JLA: I wouldn’t say that I identified with Frances, but I do think that I got closer to seeing who she was. There are so many opportunities for research in these documents. What is intriguing is that, at the end of the day, the writings of Frances Stewart will continue to be what they are, just what their author meant them to be, regardless of the meaning which we impose on them. We can never really “know” her.
JO: Was this project something you would undertake again Jodi?
JLA: I would. It was fascinating to become so involved in the letters. I sometimes look out across the Otonabee from my work-place at Trent University and try to imagine Frances walking along the river between her daughters’ houses in her later life. Frances continues to be of great interest to me.
JO: Were there any other books that you used as models in crafting this one?
JLA: I pored over many books which deal with immigrant writings before I decided how I wanted to present the letters in Revisiting “Our Forest Home”. A few books which were especially helpful were: A Gentlewoman in Upper Canada: The Journals, Letters, and Art of Anne Langton, edited by Barbara Williams; and three books edited by Carl Ballstadt, Elizabeth Hopkins, and Michael Peterman: I Bless You in My Heart: Selected Correspondence of Catharine Parr Traill; Susanna Moodie: Letters of a Lifetime; and Letters of Love and Duty: The Correspondence of Susanna and John Moodie.
JO: Is there anything in nineteenth-century Canadian literature (fiction or non-fiction) that is of particular interest to you Jodi?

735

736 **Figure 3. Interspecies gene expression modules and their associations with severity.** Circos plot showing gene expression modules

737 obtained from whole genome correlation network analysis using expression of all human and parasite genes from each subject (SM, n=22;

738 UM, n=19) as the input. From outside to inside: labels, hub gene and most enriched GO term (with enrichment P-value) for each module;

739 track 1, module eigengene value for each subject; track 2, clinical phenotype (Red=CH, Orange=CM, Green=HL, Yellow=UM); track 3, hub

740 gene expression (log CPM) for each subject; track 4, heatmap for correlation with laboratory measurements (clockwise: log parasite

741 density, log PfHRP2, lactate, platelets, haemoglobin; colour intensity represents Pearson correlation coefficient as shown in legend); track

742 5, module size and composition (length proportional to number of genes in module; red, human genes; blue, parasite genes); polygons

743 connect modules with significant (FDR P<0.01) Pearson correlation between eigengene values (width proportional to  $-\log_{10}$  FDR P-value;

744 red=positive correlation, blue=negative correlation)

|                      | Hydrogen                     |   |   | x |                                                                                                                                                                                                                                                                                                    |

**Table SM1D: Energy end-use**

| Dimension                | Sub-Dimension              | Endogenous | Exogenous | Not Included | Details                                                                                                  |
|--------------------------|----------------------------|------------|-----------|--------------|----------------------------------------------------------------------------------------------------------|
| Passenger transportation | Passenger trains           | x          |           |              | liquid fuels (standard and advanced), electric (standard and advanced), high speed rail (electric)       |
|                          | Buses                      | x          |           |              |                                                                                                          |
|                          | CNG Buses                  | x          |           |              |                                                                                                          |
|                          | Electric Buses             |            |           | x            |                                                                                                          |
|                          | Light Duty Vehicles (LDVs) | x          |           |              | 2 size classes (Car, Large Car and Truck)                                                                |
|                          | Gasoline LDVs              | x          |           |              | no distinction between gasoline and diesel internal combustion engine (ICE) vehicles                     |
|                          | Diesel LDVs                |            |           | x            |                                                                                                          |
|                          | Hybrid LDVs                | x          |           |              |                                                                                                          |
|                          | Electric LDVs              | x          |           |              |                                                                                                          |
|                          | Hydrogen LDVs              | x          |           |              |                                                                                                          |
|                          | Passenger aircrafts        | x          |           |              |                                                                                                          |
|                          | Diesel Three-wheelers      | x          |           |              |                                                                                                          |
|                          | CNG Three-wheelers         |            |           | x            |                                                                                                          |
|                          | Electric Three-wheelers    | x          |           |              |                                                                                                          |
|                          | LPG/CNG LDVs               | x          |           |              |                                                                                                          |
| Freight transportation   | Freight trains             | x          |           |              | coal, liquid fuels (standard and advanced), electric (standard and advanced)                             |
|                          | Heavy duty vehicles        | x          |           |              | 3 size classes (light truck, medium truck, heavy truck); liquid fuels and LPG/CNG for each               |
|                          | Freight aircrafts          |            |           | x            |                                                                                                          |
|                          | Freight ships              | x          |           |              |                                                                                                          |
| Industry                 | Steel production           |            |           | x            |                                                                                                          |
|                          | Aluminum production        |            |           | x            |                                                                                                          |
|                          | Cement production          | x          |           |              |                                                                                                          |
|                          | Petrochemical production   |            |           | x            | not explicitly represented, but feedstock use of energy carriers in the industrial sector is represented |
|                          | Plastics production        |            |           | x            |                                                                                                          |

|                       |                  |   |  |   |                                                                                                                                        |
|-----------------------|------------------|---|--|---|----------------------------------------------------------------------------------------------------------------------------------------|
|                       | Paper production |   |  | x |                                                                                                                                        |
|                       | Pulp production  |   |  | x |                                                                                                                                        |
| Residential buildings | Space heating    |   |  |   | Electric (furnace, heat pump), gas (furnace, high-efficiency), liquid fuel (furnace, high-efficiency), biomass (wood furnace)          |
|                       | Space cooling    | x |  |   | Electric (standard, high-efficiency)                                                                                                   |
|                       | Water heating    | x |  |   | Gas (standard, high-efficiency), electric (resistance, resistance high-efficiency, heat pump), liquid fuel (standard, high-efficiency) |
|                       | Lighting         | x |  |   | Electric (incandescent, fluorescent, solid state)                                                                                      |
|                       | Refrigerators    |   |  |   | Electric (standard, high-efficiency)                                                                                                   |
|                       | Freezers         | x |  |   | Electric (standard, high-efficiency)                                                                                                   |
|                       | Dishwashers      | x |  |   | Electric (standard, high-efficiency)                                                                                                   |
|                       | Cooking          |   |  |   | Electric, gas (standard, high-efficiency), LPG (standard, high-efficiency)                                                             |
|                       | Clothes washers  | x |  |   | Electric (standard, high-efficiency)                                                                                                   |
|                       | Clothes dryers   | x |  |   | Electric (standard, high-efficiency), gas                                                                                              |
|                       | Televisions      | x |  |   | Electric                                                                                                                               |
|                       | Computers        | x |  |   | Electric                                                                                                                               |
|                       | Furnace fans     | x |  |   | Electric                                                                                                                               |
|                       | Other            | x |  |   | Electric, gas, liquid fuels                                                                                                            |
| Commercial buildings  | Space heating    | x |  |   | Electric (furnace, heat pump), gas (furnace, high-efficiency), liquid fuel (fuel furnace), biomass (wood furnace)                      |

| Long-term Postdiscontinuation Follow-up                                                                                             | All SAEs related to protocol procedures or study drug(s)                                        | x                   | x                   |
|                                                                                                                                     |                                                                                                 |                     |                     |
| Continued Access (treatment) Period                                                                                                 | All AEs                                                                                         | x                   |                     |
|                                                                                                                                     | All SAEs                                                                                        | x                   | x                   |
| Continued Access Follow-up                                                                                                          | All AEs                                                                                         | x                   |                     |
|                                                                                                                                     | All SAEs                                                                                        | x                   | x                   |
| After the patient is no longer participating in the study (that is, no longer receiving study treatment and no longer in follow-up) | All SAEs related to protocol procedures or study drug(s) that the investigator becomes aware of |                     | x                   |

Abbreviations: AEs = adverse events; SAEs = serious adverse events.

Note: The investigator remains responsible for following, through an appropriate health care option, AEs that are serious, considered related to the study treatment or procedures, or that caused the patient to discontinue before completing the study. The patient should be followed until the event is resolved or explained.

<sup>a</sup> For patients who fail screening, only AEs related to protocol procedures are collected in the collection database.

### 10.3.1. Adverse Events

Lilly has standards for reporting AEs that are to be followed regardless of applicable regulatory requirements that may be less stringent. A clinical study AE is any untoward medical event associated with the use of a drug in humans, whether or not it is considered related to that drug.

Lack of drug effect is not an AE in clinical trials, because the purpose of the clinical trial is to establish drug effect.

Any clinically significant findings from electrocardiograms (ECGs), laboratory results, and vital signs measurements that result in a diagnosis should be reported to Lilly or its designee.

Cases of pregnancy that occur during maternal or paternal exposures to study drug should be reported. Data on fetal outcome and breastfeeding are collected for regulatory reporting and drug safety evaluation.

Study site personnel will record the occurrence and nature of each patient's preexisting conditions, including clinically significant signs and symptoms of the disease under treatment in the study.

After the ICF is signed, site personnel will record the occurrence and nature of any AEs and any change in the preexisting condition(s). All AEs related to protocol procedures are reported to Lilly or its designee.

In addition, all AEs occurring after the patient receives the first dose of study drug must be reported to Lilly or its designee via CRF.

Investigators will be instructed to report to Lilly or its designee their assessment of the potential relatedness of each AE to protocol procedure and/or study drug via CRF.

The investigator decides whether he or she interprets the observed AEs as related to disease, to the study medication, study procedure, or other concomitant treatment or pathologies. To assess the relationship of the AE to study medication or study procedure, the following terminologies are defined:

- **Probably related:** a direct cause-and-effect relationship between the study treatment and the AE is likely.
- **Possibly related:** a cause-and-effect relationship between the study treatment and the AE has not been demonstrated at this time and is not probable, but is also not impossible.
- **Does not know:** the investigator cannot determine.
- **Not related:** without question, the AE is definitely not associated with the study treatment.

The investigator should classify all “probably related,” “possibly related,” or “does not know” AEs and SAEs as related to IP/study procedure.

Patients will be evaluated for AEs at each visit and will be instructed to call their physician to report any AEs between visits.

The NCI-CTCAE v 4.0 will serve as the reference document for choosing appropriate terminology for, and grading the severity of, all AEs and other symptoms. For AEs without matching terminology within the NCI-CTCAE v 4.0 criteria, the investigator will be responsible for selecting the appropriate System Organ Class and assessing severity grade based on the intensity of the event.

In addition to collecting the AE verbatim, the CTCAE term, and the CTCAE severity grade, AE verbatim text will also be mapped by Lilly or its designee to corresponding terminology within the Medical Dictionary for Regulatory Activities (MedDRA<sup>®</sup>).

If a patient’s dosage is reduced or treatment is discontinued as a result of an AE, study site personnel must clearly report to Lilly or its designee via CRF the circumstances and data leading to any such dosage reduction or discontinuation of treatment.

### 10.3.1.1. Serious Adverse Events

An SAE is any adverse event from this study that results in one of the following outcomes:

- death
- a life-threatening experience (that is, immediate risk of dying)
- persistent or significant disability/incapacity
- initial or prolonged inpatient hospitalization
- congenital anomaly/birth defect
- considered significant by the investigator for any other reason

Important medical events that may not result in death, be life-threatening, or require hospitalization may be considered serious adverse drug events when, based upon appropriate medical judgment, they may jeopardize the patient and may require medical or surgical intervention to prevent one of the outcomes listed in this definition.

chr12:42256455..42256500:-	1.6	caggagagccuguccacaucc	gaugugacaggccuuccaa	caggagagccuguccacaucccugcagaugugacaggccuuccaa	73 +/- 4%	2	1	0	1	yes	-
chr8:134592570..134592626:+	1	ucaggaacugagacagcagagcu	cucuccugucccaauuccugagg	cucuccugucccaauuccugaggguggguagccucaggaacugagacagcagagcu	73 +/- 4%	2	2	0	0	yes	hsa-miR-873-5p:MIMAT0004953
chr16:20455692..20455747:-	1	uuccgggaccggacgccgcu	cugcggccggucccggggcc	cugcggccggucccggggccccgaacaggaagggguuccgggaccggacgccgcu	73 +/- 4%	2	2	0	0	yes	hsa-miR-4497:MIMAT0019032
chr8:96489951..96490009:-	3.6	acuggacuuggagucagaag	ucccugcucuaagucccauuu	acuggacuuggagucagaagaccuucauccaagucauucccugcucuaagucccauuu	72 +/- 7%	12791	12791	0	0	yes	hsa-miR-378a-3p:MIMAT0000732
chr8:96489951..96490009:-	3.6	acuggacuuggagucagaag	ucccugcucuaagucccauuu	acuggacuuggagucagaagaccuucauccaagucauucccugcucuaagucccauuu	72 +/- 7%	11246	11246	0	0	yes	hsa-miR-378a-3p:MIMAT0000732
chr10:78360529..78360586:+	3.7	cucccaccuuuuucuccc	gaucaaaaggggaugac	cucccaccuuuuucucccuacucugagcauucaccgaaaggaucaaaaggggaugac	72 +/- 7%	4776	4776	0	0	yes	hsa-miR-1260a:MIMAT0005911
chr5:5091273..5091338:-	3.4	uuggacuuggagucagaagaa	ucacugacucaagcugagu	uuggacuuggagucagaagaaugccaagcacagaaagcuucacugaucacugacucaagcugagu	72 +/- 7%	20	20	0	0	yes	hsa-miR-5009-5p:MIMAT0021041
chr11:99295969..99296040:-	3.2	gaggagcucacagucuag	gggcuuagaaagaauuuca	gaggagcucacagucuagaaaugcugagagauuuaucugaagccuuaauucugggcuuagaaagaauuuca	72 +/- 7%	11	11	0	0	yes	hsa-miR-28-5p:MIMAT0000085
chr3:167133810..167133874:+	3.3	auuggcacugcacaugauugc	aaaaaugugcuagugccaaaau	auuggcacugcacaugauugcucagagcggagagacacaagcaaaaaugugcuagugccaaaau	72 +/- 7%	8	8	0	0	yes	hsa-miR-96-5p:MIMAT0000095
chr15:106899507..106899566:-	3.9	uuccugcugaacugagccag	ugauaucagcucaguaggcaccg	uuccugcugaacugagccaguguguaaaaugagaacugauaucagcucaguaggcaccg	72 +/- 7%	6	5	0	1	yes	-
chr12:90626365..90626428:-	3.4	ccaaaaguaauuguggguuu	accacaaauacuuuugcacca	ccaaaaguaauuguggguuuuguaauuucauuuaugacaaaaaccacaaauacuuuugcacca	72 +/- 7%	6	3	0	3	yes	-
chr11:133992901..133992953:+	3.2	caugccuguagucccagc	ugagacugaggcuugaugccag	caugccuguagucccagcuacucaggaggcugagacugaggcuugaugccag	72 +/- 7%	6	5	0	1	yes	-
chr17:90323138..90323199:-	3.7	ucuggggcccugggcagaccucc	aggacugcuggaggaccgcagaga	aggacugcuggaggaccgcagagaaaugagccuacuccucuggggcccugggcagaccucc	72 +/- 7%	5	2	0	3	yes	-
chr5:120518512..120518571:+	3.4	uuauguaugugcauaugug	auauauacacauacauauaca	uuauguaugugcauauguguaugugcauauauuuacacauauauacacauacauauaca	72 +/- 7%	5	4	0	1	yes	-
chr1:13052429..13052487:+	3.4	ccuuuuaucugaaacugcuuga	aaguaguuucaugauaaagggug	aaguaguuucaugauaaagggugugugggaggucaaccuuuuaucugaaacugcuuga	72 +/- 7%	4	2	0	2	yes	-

JLA: For my research on Frances Stewart, the many books published by Catharine Parr Traill and Susanna Moodie were especially of interest as they helped to provide context for visualizing Frances’s life. Travel literature of the period, including writings which cover the explorations of Canada’s North during the nineteenth-century/early twentieth-century, is also of immense interest to me.
JO: The book is shaped by a feminist perspective. Was it important to you to frame it this way?
JLA: This is an interesting question for me. I guess I’ve never really thought of myself in a feminist framework. Framing this book as I did came absolutely naturally to me; it wasn’t conscious. This does make me a feminist, doesn’t it!
JO: How has the book been received by Frances Stewart’s family?
JLA: Some Stewart family descendants attended the book launch and were very supportive of my project. I had met with a few members of the family while doing my research and they were very helpful in ironing out many elusive details. I heard from some who have read the book and they expressed that they enjoyed it and appreciated that I had undertaken this project. I am grateful for their support. I’ve always felt a responsibility to the family to do the best job I could to represent Frances accurately.
JO: Do you have any plans to write or edit another book in the near future, Jodi?
JLA: I’m very interested in nineteenth-century Upper Canadian history. Currently, I’m looking at other women besides Frances who immigrated to the Peterborough area early in the nineteenth century. Peterborough has a rich legacy of women’s writings from that period. I’ve recently given a paper about six European settler women who arrived in the Peterborough area between 1822 and 1837. I’m interested in understanding how these women coped when they found themselves, separated from their families and loved ones, forging out new lives in the bush in an unknown country. I’m aiming through this lens to glimpse the ways in which female lives intersected community development in the colony. The authors’ representations of their lives in their writings are intricately mixed with nostalgia and memory of their lives in the homeland and this is an intriguing area for me.